Conversation caveats

In general, ask open-ended questions in order to give the other person the opportunity to share something. Likewise, don’t be reluctant to reveal something about yourself. Be mindful, however, that business events are not therapy sessions. Save the deep or provocative issues for another time.

Keep the tone upbeat and light. While most people networking in a business setting automatically default to work-related topics, it is fine to converse about matters outside the scope of the conference. Steer clear of polarizing subjects such as politics or religion. Instead, find common ground in arenas that everyone can relate to, such as food, film, hobbies, and popular culture. Geography-related questions are also good conversation starters. (This is my first time visiting Las Vegas. What restaurants do you recommend?)

If you yourself are asked the dreaded What do you do for a living? question, don’t simply provide a job title. Prepare a snappy or funny retort that will encourage your new acquaintance to dig deeper. If the conversation drifts, refocus it on the other person. Most people enjoy talking about themselves; allow them to take the lead.

When networking, avoid rambling or personally monopolizing the conversation, and be aware of social cues. If the other person repeatedly checks their watch or scans the room, bring the interaction to a close. Remember that networking is a give and take, so listen carefully. This will enable you to come up with more thoughtful follow-up questions, and thereby build greater camaraderie.

More networking tips for business events

The goal of business networking is to make new contacts, yet inevitably you will run into former contacts. Always be polite and professional. “No matter what terms you ended on, you don’t want to pretend like you didn’t see your former manager over there by the cheese table,” writes Stacey Lastoe in a blog post. “By approaching her with a pleasantry and more, you demonstrate class and character.”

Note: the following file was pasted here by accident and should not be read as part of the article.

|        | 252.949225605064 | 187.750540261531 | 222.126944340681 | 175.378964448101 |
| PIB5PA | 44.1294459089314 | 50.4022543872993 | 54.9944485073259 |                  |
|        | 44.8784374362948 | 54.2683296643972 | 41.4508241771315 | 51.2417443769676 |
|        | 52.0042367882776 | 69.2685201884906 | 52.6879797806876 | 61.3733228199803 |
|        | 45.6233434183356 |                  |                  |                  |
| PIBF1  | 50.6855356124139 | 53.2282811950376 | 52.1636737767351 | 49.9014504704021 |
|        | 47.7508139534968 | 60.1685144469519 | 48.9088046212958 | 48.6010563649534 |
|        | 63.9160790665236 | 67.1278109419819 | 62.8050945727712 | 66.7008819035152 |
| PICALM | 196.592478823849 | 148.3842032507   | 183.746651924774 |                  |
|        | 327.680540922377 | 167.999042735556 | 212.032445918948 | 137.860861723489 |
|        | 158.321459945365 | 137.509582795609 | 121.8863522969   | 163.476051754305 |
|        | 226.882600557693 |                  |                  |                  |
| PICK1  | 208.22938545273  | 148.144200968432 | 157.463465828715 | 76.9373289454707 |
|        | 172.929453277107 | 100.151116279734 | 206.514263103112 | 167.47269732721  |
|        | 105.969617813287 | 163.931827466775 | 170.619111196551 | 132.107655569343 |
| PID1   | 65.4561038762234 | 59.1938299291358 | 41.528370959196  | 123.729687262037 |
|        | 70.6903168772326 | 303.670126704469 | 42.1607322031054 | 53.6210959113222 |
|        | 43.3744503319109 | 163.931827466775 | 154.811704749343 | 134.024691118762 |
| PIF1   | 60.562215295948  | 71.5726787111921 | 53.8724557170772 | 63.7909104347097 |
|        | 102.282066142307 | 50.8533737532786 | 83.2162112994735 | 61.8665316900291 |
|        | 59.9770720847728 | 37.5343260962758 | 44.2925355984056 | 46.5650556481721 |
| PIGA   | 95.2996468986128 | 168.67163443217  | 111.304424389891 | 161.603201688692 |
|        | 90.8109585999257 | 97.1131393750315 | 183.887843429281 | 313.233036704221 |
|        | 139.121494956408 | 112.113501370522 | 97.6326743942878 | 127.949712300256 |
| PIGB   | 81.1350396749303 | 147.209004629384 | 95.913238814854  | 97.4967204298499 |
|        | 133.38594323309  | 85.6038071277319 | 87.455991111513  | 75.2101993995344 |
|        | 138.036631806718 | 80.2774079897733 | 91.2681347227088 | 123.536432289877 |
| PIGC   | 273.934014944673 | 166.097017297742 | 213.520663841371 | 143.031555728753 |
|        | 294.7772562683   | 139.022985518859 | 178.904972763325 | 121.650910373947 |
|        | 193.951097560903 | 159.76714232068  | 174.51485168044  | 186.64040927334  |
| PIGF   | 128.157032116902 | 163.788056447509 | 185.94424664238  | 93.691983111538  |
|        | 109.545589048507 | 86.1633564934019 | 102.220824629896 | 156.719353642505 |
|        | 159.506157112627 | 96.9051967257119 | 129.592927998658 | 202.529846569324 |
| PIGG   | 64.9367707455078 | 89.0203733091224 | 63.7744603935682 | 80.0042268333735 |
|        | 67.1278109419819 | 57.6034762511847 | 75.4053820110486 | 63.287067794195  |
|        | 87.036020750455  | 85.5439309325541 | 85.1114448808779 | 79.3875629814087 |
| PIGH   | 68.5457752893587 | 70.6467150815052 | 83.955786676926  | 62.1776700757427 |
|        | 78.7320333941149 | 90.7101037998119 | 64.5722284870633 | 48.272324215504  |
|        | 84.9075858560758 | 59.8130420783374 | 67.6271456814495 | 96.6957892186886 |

Groups present a different dynamic. If a group is immersed in an animated conversation, don’t interrupt or force yourself into their circle. If you recognize someone in the group, unobtrusively attract their attention. Hopefully they will welcome you into the conversation.

Planning ahead can pay off. In a post on Bizzabo.com, Siobhan Becker suggests using the official event app or social networking tools such as LinkedIn to research attendees you would like to connect with. Send out messages in advance of the conference, with a specific invitation to meet up at the event.

Some final thoughts

One of the reasons people loath networking at business events is that they worry they will be perceived as boring. Aja Frost points out that this fear can be overcome. “Just like you could learn to be a better leader or more effective negotiator, you could learn to be more engaging,” she writes in a post about how to make yourself more interesting.

Her suggestions include building up a mental repository of trivial fun facts, and actively pursuing hobbies that you would not normally be drawn to. She recommends listening to podcasts, reading articles, and attending TED Talks on topics outside of your expertise and comfort zone. You will undoubtedly learn something new, which you can then share at your next networking event.